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Japan has stopped radiation-contaminated water leaking into the sea from the crippled Fukushima 1 nuclear plant.

A worker wearing a protective suit points at a cracked concrete pit near its No. 2 reactor of the Tokyo Electric Power Co. (TEPCO)'s Fukushima Daiichi Nuclear Power Plant in Fukushima prefecture, April 2, 2011. The operator of Japan's stricken nuclear plant said on Saturday it had found radioactive water leaking into the sea from a cracked concrete pit at its No. 2 reactor in Fukushima. TEPCO said the radiation in the pit measured 1,000 millisieverts per hour. REUTERS/Tokyo Electric Power (TEPCO)/Handout

Workers tried several times to plug the pipes leaking contaminated water

Sea water near the site was found to have 7.5 million times the legal limit of radioactive iodine-131 on Saturday.

Levels had dropped to five million times the limit on Monday.

Tokyo Electric Power Co (Tepco) – the operator of the plant – injected a chemical agent known as “water glass” to solidify soil around a cracked pit, from which contaminated water had been seeping into the sea.

The damaged pit is linked to the plant’s number two reactor, which had its cooling systems put out of action by the quake and tsunami of March 11.

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Pictures from inside the damaged nuclear power station

The apparent success came as Japan imposed a legal limit on radiation levels in fish, amid fears that food was being contaminated.

On Tuesday, government chief spokesman Yukio Edano announced a legal limit of 2,000 becquerels per kilogram for radioactive iodine in seafood after double that concentration was found in fish off the nearby coast.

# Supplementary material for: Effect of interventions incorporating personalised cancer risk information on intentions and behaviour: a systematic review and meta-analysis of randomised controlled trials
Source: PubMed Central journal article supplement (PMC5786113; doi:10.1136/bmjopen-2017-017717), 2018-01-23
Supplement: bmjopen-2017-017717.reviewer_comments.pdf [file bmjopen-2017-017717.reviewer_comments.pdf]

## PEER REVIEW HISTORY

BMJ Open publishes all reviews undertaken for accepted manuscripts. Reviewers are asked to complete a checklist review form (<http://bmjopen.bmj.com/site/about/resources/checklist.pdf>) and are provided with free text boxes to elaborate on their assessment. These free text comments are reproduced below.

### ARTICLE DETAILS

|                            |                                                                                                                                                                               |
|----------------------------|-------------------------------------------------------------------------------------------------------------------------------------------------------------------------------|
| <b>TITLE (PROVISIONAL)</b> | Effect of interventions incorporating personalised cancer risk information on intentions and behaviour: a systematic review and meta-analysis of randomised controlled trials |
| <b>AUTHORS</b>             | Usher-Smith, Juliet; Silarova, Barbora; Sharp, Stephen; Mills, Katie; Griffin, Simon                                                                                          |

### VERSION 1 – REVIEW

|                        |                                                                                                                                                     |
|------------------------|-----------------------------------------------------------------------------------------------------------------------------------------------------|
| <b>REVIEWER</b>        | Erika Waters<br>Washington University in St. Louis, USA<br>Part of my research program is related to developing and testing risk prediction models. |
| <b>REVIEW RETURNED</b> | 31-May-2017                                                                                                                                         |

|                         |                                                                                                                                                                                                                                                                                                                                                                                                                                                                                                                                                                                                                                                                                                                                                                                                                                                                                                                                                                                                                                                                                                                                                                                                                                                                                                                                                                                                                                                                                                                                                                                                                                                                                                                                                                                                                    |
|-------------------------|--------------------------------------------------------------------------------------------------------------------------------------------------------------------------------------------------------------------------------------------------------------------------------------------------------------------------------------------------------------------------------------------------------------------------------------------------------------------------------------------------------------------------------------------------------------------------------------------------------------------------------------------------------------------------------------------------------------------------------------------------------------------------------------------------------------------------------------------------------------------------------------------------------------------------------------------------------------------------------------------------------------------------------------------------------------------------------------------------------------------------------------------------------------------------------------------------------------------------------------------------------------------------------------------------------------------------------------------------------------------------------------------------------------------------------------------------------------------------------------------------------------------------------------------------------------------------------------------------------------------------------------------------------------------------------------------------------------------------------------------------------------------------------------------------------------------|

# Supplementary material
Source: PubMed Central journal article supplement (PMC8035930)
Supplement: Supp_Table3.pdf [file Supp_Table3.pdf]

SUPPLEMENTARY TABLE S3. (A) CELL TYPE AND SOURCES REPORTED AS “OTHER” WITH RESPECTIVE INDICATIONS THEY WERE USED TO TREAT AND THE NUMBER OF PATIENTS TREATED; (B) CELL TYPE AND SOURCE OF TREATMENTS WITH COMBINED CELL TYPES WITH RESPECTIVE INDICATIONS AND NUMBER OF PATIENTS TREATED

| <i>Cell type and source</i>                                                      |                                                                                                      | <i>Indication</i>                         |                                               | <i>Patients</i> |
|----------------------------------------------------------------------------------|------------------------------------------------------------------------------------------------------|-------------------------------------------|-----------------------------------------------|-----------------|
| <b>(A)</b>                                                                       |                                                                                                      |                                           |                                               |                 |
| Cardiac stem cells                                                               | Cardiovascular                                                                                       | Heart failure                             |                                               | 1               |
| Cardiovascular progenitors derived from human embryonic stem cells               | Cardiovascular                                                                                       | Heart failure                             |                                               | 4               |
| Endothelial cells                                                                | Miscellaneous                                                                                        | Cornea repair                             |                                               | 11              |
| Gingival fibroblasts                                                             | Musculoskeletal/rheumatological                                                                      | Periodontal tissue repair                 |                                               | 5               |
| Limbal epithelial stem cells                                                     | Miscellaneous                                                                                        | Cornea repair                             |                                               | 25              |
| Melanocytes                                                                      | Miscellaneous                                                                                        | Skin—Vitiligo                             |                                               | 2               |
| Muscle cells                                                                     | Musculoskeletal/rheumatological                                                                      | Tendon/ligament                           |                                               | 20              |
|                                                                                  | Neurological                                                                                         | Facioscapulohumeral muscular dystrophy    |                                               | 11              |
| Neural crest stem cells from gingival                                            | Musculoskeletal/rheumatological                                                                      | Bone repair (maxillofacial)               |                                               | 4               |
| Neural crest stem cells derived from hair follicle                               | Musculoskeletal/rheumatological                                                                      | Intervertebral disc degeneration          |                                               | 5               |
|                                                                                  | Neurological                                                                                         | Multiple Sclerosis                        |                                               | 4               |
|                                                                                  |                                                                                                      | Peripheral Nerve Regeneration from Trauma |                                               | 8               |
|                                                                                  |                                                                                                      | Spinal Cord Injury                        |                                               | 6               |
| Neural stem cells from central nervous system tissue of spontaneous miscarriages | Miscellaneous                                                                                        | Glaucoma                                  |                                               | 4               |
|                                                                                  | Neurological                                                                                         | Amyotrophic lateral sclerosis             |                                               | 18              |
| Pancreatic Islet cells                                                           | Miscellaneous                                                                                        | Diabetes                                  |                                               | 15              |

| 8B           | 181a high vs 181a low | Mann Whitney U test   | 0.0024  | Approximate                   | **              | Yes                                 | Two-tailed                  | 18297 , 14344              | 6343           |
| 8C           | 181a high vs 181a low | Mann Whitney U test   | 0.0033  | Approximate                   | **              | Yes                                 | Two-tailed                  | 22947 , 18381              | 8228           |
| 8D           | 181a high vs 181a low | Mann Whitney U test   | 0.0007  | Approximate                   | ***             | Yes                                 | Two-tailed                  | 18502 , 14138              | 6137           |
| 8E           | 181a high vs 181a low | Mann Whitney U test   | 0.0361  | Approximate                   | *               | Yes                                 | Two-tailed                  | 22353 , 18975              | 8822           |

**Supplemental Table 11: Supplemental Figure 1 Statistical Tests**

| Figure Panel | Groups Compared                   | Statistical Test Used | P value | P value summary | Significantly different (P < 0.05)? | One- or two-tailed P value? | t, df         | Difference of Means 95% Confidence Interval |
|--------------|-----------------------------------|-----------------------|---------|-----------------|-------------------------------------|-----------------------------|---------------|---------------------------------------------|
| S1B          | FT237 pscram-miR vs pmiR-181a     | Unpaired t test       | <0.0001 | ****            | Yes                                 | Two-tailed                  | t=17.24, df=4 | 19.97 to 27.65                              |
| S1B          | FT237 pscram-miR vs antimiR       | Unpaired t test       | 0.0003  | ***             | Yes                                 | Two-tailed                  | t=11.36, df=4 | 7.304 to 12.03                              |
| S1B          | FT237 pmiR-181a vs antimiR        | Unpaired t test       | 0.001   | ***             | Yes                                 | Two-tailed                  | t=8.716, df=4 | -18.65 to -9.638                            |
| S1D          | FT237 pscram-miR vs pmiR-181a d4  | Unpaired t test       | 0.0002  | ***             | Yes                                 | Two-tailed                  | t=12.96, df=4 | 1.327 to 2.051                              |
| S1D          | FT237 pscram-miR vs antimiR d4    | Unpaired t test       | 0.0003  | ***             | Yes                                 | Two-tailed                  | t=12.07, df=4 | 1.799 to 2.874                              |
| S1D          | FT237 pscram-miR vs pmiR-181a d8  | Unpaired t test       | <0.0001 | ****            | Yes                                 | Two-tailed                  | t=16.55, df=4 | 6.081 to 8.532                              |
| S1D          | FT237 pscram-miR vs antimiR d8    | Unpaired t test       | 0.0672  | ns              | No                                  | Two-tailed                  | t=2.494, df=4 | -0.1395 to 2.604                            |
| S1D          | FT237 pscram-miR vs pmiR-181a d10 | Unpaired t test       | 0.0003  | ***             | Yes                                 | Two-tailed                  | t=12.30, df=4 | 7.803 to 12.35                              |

“The government has decided to temporarily adopt the same limit as for vegetables,” he told a press conference.

Radioactive contaminated water from the crippled Fukushima Daiichi Nuclear Power Plant No. 2 reactor leaks through a crack

Radiactive water had been pouring from a pit connected to reactor two

Fukushima is not a major fishing region, and no fishing is allowed in the direct vicinity of the plant.

But experts estimate the coastal areas hit by the tsunami account for about a fifth of Japan’s annual catch.

Fishermen – many of whom lost their vessels as the huge wave battered the northeastern coast – fear their industry will not recover.

“Even if the government says the fish is safe, people won’t want to buy seafood from Fukushima,” said Ichiro Yamagata, a fisherman who lived near the Fukushima plant.

“We probably can’t fish there for several years.”

Chef Seiichiro Ogawa said the fears over radiation could hurt his business.

His Tokyo restaurant is trying to get more fish from the western part of Japan, which has not been affected by the nuclear crisis.

Various kind of fish are displayed at a fish shop in Tokyo on April 5, 2011.

Coastal areas hit by the tsunami account for an estimated one-fifth of Japan’s annual catch

“Japanese customers are especially sensitive to this kind of thing, so I’m worried they’ll stop eating sushi,” said Mr Ogawa, who has already seen his business drop 50% after foreigners stopped visiting the city after the quake.

“We need this nuclear problem to be resolved.”

India announced on Tuesday that it was halting food imports from Japan for three months out of fear of radiation contamination.

Tepco said this week it was purposely dumping more than three million gallons of low-level radioactive water into the sea to make room in a storage tank for more highly contaminated water.

This water needs to be removed before workers can restore important cooling systems at the plant.

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